The prohibition on cannabis has failed. It victimizes ordinary Canadians and it emboldens criminal elements in our society. The current prohibition on cannabis disproportionately targets minority groups in Canada and has altered the lives of individuals who received a criminal conviction for carrying a small amount of marijuana, including lost employment opportunities, immigration issues, social stigma of being branded a criminal, and imprisonment. It is worse than the problem it was designed to protect us from.

Our government acknowledges that the current prohibition on cannabis does not work, and now is the time to take an evidence-based approach.

As an emergency room physician, I have seen many tragic things. This includes the effects of prohibition on Canadians. The effects that I have witnessed range from organized criminals targeting citizens to instill fear in a community to the murdering of competitors to protect their profits to the killing of innocent bystanders. This is the impact of prohibition that I know and I have seen.

Just as an aside, during my time in the emergency room, I have resuscitated patients who have overdosed on opioids, cocaine, and alcohol. However, never have I had to resuscitate anyone who was only under the influence of marijuana.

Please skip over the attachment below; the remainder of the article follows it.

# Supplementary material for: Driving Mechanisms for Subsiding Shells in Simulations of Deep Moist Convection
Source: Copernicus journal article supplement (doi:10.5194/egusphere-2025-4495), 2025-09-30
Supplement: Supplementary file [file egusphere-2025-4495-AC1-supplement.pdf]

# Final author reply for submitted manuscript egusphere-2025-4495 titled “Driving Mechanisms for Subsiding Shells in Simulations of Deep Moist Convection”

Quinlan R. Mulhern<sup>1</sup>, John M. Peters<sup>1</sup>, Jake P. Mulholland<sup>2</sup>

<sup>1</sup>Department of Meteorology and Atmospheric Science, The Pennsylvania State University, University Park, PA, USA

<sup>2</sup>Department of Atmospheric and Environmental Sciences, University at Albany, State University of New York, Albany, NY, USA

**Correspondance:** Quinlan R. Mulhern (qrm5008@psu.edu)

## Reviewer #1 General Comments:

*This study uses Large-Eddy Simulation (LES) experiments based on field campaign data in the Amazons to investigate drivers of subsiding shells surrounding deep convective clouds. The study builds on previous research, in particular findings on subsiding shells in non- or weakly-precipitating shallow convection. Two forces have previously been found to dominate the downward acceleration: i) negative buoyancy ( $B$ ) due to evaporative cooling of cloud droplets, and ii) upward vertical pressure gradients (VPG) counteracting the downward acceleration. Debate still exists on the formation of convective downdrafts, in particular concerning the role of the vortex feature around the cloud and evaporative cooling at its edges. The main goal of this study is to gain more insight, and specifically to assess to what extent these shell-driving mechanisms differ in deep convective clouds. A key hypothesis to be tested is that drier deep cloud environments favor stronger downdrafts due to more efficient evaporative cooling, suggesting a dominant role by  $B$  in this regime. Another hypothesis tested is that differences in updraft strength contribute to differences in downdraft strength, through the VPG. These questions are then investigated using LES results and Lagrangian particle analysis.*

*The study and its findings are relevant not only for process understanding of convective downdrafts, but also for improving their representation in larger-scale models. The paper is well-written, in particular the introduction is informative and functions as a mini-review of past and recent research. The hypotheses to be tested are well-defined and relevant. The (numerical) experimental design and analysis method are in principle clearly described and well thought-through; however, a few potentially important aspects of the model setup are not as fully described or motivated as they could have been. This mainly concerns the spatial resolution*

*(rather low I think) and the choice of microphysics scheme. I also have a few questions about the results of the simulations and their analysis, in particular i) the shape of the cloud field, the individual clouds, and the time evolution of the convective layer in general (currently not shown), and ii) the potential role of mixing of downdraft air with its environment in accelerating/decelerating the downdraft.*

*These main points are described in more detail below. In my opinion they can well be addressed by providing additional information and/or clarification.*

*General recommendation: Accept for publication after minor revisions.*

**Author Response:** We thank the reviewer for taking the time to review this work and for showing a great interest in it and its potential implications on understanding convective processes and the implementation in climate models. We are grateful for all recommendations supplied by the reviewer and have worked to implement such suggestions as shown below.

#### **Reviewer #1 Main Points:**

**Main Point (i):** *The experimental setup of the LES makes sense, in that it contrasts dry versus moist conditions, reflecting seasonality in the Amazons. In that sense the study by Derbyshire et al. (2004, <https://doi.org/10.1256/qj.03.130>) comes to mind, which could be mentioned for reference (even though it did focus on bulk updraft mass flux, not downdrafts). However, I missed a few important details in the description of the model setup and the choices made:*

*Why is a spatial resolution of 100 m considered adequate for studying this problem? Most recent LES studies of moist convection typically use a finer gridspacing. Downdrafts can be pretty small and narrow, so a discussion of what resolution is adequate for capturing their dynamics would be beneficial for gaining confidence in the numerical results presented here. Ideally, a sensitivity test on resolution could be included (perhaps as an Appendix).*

The only true beneficiaries of prohibition are the criminals who profit from it. Much like the prohibition on alcohol in America in the 1920s, organized criminals continue to see a lucrative opportunity in today’s prohibition. By legalizing and regulating cannabis, we can take revenue away from those who terrorize communities and take loved ones away from their families.

I understand that many people have concerns about this legislation and our youth. Everyone in the House, me included, is concerned about young Canadians using cannabis. However, right now it is easier for children to acquire marijuana than it is for them to acquire tobacco or alcohol, with our youth having some of the highest rates of cannabis use in the world. Drug dealers do not ask to see identification or verify someone’s age. When we regulate a product like we do for cigarettes and alcohol, we can restrict its usage to persons above a certain age and ensure there are consequences for those who provide it to them.